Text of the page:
These items, as well as income and losses, are passed through to the shareholder on a pro rata basis, which means that the amount passed through to each shareholder is dependent upon that shareholder’s stock ownership percentage. However, a shareholder’s portion of the losses and deductions may only be used to offset income from other sources to the extent that the total does not exceed the basis of the shareholder’s stock and the basis of any debt owed to the shareholder by the corporation. The S corporation losses and deductions are also subject to the passive-activity rules.

Other key points to consider when developing your comprehensive tax strategy include:

  • the availability of the Code Sec. 179 deduction at the corporate and shareholder level;
  • reporting requirements for the domestic production activities deduction;
  • the tax treatment of fringe benefits;
  • below-market loans between shareholders and S corporations; and
  • IRS scrutiny of distributions to shareholders who have not received compensation.

We can assist you identifying and maximizing potential tax savings no matter your entity type. Please call our office at your earliest convenience to arrange an appointment. 302.225.5000 


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Things to do list: Review Business Tax Strategy, Update Succession plan,...

If you own or manage your own business, you are probably busy monitoring operations and dealing with everyday problems. But there are a few things that you should make time to do every year. These are important for your long-term business and personal success.

Review your business tax strategy.

A month or so after you've filed your tax return, make an appointment with your tax advisor. Go over your return together and identify opportunities for tax savings. Question everything, starting with whether you're using the right form of business entity. Ask about recent changes in the tax code and how they might benefit your business. Make your advisor a "partner" in your business strategy.

Update succession planning for your business.

Review your succession planning annually. You should have a specific plan for each key manager position, including yourself. Be prepared for a short-term absence or a permanent vacancy. Your plan might mean promoting from within or recruiting externally. An up-to-date plan can be invaluable if you have an unexpected vacancy.

Review and update your personal estate planning.

If you're a business owner, your company is likely to be a significant part of your estate. A good estate plan is essential if you hope to pass a business on to your heirs. But your company, your personal circumstances, and the tax laws are continually changing. You should meet with your estate planner annually to make sure your plans are current.

Review your business insurance coverage.

Don't just automatically write a check to renew your insurance policies when they come due. Instead, you should sit down with your insurance agent every year. Review your business operations, focusing on any changes. Discuss types of risk that could arise. Ask about new developments in business insurance. Use your agent's expertise to identify risk areas and suggest suitable coverage.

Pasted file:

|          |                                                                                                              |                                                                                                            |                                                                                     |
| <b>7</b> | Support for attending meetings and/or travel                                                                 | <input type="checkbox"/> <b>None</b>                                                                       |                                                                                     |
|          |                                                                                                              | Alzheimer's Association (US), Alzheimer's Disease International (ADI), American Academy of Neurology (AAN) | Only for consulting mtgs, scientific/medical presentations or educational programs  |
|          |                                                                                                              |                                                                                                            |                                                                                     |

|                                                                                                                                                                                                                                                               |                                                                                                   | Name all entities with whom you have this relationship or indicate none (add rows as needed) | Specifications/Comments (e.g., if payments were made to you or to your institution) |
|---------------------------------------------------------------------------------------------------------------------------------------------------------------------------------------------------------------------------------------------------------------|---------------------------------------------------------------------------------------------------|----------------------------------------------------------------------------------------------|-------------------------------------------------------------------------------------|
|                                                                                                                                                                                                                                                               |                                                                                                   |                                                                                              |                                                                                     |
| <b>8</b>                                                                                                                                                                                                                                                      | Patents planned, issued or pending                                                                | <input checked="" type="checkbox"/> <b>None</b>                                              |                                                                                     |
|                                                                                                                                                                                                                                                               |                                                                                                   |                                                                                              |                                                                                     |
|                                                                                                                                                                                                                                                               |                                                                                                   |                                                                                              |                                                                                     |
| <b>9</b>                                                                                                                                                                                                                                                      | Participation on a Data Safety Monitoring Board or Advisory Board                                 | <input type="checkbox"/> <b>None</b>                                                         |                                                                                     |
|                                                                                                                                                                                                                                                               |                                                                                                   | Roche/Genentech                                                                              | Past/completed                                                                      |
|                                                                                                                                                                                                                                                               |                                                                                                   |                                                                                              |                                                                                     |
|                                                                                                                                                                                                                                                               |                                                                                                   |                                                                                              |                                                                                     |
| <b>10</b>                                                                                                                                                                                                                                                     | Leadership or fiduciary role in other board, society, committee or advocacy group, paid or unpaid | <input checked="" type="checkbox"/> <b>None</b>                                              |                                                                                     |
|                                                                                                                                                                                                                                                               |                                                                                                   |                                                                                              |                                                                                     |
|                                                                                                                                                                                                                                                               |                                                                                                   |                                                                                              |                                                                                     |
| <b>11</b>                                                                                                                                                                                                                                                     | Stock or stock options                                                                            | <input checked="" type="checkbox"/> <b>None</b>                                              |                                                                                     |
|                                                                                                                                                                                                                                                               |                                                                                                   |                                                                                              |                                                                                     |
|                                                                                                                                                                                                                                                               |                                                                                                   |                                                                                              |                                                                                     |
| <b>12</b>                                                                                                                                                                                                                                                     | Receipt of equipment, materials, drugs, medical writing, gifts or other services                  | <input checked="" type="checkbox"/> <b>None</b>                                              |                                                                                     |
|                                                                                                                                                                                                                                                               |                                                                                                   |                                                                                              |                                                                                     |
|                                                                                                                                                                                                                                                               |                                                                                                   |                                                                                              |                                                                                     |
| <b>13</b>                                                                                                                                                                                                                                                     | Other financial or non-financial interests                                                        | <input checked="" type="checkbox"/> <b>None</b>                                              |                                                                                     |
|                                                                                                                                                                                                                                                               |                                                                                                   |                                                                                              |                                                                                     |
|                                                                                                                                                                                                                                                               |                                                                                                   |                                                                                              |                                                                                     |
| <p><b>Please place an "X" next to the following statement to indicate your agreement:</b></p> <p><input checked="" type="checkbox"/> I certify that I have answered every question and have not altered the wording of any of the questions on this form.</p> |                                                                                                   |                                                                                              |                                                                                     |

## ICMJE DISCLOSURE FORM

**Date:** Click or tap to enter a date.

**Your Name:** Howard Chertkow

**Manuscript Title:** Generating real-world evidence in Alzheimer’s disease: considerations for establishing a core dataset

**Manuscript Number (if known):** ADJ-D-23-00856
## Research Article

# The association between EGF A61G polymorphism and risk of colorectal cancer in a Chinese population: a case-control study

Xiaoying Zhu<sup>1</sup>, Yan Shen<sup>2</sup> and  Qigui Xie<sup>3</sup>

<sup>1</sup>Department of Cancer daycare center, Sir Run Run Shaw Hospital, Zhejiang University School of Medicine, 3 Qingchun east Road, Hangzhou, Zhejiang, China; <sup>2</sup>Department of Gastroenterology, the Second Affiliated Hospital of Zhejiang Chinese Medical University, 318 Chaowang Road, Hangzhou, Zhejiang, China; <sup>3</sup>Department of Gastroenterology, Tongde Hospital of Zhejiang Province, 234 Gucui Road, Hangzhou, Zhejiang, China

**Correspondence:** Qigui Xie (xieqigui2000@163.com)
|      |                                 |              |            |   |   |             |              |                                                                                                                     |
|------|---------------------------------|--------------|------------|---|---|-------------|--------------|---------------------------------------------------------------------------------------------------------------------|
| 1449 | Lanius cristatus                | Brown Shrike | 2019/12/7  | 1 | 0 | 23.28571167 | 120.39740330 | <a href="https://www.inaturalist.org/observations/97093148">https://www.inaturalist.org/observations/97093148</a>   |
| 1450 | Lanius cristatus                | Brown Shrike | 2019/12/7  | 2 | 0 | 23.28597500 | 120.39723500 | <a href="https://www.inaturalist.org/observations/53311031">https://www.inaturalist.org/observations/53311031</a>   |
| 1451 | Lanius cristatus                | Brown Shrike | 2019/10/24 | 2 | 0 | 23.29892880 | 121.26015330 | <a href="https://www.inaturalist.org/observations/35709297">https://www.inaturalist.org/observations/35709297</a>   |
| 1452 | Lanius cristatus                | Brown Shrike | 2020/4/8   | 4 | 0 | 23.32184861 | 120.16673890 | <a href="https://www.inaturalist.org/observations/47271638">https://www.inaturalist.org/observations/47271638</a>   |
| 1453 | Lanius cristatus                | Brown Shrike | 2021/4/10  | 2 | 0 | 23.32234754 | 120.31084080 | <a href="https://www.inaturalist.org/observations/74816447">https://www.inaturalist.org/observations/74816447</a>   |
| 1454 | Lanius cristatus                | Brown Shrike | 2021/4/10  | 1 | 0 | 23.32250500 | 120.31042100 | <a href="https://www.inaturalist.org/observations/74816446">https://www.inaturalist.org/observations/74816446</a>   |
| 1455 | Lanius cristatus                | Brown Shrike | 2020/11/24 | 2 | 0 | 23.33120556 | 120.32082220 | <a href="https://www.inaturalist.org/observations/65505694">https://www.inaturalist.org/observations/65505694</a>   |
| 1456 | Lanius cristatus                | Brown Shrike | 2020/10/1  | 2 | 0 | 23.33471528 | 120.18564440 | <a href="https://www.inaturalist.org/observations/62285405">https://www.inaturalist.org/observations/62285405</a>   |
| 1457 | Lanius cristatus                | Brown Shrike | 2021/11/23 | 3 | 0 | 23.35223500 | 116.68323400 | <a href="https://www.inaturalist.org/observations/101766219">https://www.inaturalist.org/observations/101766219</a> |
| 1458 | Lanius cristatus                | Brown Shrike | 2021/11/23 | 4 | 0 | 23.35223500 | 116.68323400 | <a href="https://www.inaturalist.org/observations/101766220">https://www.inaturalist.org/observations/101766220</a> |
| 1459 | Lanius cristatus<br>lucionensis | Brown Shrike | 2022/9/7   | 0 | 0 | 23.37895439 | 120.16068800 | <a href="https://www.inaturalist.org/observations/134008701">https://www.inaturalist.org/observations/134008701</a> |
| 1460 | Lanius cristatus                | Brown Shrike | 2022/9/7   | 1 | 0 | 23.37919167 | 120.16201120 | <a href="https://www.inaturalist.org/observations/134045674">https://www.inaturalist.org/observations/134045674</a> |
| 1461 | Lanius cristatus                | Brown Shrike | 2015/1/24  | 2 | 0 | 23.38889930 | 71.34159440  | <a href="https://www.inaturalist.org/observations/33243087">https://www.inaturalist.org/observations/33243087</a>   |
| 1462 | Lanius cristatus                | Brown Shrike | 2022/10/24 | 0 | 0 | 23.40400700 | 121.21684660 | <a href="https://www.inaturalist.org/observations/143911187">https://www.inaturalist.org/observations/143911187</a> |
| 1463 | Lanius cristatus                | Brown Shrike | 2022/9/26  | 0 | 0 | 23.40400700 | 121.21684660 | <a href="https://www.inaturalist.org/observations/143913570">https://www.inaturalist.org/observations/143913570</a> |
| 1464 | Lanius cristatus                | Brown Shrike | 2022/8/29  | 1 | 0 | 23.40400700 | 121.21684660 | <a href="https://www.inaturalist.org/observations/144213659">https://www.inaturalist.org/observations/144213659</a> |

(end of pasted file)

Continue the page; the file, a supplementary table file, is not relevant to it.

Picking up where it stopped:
Review your business banking relationships.

Annually, you should go over your cash balances and banking relationships with your controller or CFO. Then both of you should meet with your banker. Ask about new products or services that could help your company. Address any service concerns or problems you might have had. Look for ways to reduce idle cash, boost interest earned, and improve cash flows.

Let us and your attorney assist you with the reviews and planning necessary to your business's long-term success. Give our office a call at 302.225.5000. 



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Cash laying on Mutual Fund Investment Statement Are mutual funds part of your portfolio? As you begin your mid-summer investment review in preparation for year-end, think about how your funds can affect your federal income taxes.

Here are two things to consider.

Dividend income. The dividends you receive from mutual funds held in nonretirement accounts are included in the calculation of net investment income. When your 2015 modified adjusted gross income exceeds $250,000 ($200,000 when you're single), a portion of your net investment income will be taxed at a rate of 3.8% over and above your ordinary tax liability.

Planning tip. The tax form the mutual fund company sends you at the beginning of 2016 may classify some dividends as "qualified" – meaning they meet the requirements for a lower tax rate. However, you have to own the mutual fund shares for more than 60 days to get the lower rate on your federal return.

Capital gains. Mutual funds generally distribute short-term and long-term capital gains from in-fund sales to shareholders. Even if you reinvest the distributions in additional shares instead of opting for cash, the gain remains taxable to you.
Short-term distributions, for sales of fund investments held one year or less, are taxable at your ordinary income tax rate. The tax rate for long-term capital gains may be as high as 20%, depending on your adjusted gross income.

You might also have a capital gain or loss when you sell shares of a mutual fund. That's true even if you "exchange" one fund for another and receive no proceeds.

Planning tip. You have options for calculating the cost of mutual fund shares you sell during the year. Remember to include reinvested distributions in your basis.